It is tempting, when one surveys the current state of this country, to conclude that the system is broken – that something, somewhere along the line has gone terribly, terribly wrong. How else to account for the endless wars, the lingering recession, the ever-widening rich-poor gap? As unsettling as this conclusion may be, however, the reality is far more disturbing. The system is not broken. In fact, it is working just as intended.
This point is crucial to any understanding of political events today. Without it, much of what takes place seems to defy explanation. Indeed, when measured against stated goals, many U.S. actions appear, by any rational standard, insane: waging a War on Terror guaranteed to provoke more terror, for example, or appointing the very architects of the financial collapse to then “fix” the catastrophe. From such examples one can draw two possible conclusions: that U.S. policymakers are epically incapable of rational thought; or that their stated goals (eradicating terrorism, fixing the economy) are not their actual goals.
American policymakers are not irrational. Their actions are not accidental, but calculated. If the effects are horrifying it is because they are the result of a system that is itself horrifying, not the unfortunate byproducts of a well-intentioned system that is simply functioning improperly. Simone de Beauvoir recognized this when she linked the use of torture by French forces during the Algerian War to the unjust political and economic order the war served to protect. As she put it: “There are no ‘abuses’ or ‘excesses’ here, only an all-pervasive system.”
In my June 30 post, I wrote that many of the ugliest chapters in U.S. history, far from being isolated incidents of temporary national insanity, were actually integral to the functioning of the American state (as distinct from its government – the difference can be found here):
The truth is that economic exploitation is not the exception but the rule, tracing a bloody path through U.S. history from slavery and the subjugation of Native Americans to the current oil wars in the Middle East. That is what the American state does and has always done. That is its purpose. That is its function.
While that passage focused specifically on the U.S., the description applies more generally to all political states. One can see this exploitative dynamic at work most brazenly in Europe, where austerity measures are forcing ordinary people to pay for the economic destruction wrought by a small clique of legally untouchable elites. This sort of class warfare serves as the cornerstone of the state, as Albert Jay Nock wrote in his 1935 book Our Enemy, the State:
The positive testimony of history is that the State invariably had its origin in conquest and confiscation. No primitive State known to history originated in any other manner. On the negative side, it has been proved beyond peradventure that no primitive State could possibly have had any other origins. Moreover, the sole invariable characteristic of the State is the economic exploitation of one class by another. In this sense, every State known to history is a class-State. Oppenheimer defines the State, in respect of its origin, as an institution “forced on a defeated group by a conquering group, with a view only to systematizing the domination of the conquered by the conquerors, and safeguarding itself against insurrection from within and attack from without. This domination had no other final purpose than the economic exploitation of the conquered group by the victorious group.”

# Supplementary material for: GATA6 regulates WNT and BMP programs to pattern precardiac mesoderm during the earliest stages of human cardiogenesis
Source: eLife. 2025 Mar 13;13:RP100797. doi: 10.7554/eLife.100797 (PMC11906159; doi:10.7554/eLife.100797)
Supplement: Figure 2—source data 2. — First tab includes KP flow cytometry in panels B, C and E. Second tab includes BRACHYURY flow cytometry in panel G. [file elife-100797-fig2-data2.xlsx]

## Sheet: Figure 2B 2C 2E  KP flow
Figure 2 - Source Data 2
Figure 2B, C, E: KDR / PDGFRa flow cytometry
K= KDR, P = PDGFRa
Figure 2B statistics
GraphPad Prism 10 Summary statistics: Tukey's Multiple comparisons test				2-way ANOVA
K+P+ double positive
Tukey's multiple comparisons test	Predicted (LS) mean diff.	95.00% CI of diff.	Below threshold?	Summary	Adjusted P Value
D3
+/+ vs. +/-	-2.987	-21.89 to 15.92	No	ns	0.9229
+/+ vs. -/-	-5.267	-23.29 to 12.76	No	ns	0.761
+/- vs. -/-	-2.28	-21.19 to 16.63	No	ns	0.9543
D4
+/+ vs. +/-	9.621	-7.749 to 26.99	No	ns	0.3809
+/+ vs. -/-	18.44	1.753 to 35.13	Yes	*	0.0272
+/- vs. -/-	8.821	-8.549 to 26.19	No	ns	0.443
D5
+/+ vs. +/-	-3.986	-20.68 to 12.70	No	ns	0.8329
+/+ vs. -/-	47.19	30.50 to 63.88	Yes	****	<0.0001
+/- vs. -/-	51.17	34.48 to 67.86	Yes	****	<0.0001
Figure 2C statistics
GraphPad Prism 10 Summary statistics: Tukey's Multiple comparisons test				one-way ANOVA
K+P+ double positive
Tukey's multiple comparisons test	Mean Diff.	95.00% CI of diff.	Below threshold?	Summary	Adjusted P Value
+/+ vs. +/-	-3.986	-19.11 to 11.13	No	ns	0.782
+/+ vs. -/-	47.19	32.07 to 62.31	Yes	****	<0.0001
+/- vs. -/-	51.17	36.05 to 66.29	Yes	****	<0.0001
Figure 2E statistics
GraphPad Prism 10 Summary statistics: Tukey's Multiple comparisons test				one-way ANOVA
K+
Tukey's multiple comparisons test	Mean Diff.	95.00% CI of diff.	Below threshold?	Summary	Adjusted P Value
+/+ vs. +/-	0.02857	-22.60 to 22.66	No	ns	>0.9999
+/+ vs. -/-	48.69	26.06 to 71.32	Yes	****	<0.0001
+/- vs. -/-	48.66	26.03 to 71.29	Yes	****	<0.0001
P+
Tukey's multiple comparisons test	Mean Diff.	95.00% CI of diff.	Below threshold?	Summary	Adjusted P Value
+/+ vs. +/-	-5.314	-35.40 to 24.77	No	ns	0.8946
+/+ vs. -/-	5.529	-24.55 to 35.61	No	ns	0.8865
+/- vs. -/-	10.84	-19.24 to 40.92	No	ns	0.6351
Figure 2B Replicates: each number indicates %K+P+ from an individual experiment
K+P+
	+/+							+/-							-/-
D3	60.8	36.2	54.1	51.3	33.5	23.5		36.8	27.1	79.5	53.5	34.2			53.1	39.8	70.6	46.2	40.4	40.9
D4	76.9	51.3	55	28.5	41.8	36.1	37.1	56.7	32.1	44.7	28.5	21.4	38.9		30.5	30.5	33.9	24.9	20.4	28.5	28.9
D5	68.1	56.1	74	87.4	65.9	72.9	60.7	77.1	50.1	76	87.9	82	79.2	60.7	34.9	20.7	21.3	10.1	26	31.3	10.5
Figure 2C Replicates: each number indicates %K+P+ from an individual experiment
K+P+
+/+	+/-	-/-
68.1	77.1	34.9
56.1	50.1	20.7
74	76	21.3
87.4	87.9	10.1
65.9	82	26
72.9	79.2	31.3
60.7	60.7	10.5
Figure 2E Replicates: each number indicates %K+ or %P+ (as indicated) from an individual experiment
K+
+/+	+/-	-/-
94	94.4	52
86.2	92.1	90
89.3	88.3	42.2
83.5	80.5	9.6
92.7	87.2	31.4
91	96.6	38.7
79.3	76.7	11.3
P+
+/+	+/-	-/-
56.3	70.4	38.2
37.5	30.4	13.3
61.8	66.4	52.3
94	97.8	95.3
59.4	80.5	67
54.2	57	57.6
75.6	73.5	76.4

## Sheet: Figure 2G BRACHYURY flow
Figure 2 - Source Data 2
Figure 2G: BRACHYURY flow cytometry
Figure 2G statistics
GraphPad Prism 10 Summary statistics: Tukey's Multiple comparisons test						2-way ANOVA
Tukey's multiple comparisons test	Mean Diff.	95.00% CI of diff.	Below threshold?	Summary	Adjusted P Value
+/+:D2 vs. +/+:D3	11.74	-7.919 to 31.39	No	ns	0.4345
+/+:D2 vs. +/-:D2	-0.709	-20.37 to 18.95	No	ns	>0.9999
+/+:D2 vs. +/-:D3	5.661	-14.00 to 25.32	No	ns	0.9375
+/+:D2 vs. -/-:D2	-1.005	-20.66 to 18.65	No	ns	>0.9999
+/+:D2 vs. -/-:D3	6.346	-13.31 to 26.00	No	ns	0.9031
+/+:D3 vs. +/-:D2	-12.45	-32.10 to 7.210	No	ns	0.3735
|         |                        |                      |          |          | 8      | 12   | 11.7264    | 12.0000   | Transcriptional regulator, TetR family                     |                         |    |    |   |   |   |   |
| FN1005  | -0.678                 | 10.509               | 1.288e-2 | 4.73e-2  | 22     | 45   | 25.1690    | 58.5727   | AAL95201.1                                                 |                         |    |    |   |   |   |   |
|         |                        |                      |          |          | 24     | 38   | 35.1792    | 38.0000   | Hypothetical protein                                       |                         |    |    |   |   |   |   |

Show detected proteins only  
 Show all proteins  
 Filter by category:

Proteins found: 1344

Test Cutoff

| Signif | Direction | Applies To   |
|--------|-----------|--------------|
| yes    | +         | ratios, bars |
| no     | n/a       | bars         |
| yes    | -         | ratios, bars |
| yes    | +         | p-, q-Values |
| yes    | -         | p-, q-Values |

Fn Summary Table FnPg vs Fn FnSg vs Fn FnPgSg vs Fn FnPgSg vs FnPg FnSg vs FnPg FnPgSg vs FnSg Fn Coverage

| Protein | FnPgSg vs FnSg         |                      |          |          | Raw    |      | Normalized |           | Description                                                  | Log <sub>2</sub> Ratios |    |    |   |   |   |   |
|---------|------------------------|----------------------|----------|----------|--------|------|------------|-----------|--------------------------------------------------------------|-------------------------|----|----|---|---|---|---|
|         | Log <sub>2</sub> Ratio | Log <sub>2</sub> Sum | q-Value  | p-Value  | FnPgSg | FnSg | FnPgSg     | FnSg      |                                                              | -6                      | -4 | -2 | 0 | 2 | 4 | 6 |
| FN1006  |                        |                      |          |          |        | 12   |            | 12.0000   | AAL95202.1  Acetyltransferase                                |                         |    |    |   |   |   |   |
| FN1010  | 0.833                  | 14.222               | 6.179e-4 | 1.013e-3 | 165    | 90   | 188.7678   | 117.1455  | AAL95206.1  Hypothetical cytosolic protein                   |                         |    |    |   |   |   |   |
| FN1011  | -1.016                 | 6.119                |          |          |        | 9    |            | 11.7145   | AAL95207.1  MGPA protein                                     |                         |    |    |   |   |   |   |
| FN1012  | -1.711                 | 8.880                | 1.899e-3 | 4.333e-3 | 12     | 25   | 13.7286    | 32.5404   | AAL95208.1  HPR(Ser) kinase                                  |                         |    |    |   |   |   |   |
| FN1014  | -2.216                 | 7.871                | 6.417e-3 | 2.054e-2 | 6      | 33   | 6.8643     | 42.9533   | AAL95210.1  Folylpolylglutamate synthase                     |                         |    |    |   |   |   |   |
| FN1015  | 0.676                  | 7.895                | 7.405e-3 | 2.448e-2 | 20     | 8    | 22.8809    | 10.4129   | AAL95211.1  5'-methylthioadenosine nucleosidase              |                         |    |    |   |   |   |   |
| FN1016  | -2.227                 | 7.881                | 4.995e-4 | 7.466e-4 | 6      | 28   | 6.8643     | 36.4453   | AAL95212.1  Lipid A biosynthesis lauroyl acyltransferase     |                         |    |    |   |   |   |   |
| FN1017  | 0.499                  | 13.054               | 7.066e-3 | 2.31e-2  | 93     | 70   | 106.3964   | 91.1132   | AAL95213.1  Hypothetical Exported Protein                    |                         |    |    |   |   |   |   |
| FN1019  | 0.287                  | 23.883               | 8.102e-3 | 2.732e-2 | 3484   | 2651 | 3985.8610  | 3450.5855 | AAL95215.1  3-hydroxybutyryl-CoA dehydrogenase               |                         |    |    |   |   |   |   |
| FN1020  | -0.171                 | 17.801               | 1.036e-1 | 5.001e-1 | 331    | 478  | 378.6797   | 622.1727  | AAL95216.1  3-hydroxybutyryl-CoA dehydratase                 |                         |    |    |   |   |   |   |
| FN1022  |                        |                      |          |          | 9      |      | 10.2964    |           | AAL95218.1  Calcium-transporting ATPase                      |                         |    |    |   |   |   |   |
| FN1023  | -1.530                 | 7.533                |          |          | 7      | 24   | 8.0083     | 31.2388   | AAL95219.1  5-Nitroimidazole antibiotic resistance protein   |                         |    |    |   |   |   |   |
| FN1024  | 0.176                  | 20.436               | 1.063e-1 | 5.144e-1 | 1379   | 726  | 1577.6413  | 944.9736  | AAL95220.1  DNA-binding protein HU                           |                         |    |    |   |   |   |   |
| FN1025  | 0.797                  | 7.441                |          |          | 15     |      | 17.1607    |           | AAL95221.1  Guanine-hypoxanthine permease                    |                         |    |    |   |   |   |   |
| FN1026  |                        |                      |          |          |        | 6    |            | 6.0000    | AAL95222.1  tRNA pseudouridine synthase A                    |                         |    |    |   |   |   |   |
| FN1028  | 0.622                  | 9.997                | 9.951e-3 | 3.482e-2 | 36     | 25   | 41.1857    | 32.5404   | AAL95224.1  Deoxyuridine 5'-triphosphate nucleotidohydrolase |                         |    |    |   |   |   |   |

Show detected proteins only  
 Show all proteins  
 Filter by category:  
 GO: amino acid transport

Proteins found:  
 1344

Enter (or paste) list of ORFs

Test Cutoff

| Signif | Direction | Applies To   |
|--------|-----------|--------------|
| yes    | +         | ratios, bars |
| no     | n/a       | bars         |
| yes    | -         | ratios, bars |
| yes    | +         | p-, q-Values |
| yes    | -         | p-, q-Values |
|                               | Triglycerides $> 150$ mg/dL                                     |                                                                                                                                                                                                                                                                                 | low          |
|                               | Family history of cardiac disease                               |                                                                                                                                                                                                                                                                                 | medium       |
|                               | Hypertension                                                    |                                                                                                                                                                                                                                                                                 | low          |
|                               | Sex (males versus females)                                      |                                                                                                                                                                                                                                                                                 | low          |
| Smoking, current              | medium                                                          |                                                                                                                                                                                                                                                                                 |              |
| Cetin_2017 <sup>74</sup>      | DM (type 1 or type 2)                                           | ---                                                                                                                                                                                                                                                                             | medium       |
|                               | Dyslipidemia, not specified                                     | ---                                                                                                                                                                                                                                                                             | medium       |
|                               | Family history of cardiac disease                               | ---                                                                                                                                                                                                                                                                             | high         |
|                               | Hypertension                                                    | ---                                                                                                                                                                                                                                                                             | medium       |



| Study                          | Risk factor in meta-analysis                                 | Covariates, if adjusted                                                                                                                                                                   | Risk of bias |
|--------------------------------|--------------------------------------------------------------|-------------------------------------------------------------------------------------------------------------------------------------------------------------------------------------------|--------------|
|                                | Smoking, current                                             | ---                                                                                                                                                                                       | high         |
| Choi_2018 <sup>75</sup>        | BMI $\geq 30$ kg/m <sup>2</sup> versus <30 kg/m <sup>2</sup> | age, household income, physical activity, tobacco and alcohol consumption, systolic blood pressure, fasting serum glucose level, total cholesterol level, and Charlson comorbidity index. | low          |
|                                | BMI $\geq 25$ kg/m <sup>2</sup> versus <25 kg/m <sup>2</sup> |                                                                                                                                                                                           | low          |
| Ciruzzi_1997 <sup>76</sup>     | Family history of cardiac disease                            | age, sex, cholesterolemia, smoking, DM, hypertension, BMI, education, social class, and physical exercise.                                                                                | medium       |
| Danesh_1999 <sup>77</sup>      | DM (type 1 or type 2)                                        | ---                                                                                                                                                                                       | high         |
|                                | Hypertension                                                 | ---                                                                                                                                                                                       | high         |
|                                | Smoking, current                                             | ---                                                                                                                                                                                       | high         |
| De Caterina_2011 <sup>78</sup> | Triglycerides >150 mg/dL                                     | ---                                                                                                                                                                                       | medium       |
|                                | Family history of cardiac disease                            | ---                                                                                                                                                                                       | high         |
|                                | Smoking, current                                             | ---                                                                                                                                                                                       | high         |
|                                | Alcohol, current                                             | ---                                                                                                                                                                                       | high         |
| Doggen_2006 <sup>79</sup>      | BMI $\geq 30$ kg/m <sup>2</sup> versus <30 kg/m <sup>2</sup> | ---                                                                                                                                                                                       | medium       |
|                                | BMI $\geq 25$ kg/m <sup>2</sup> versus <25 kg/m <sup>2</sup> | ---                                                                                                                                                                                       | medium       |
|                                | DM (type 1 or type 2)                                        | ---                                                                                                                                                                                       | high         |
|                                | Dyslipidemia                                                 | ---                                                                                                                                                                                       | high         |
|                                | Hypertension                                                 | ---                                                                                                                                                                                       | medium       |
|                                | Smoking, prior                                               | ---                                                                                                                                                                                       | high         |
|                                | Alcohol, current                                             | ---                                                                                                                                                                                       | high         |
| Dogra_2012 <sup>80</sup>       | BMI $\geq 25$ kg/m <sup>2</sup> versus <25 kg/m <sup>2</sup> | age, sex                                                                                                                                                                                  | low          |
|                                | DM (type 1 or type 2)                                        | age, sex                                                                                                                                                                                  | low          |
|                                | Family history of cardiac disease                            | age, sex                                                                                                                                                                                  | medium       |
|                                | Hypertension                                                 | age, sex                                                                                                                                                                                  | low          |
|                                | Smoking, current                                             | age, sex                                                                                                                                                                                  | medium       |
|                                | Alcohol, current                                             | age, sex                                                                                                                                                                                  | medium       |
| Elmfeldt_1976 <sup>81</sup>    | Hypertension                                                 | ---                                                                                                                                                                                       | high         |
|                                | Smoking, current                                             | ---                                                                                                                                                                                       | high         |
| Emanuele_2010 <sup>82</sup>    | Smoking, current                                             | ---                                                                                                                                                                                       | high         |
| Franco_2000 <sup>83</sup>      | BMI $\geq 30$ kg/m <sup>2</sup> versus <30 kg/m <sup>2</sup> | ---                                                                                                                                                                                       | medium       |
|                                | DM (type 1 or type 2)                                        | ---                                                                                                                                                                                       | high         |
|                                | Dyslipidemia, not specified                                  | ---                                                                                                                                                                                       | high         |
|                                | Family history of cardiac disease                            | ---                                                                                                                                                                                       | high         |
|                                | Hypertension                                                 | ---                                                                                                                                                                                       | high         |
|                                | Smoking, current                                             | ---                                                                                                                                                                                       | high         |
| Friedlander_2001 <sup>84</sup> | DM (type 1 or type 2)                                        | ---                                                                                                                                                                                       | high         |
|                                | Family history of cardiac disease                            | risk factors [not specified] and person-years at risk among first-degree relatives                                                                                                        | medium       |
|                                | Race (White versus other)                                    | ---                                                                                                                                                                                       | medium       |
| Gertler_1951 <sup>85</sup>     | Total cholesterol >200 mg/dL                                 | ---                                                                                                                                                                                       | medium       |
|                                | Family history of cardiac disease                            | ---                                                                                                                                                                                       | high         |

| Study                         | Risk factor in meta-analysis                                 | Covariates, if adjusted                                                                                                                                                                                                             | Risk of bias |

Understanding the fundamental nature of the state helps to explain policies that are otherwise inexplicable. Over the last decade, the War on Terror has not made Americans safer, and in many ways has made the world vastly more dangerous for them. But it has not been a failure. The war gave the U.S. carte blanche in its effort to consolidate power in the oil-rich Middle East and central Asia. Reliable puppet governments have been installed in Afghanistan and Iraq. Additionally, the U.S. has built a sprawling network of military bases in both countries. These will allow remarkable access to the region for years to come. In these respects – and these are the only ones for which the war has been fought – the War on Terror has been a resounding success.
Similarly, while the appointment of Wall Street insiders to lead the economic recovery has done little for ordinary Americans, it has provided numerous benefits to the American ruling class. The decision immediately signaled to bank executives that they would not be held accountable for their financial crimes. To date, not a single executive has been jailed in connection with the economic meltdown, and there is little reason to believe that this will change anytime soon.
The selection of insiders has also guaranteed that Wall Street will carry on with as few profit-killing reforms as possible. The well-researched documentary Inside Job provides support for this point. It too, however, mistakenly assumes that the meltdown itself was a failure of the system. On the contrary, it was yet another wild success – CEOs lined their pockets even as they bankrupted their companies and received massive government assistance. Those intended to profit from the debacle ultimately did profit. Under a system maintained by the rich for their own benefit, that is the sole criterion necessary to judge its success or failure.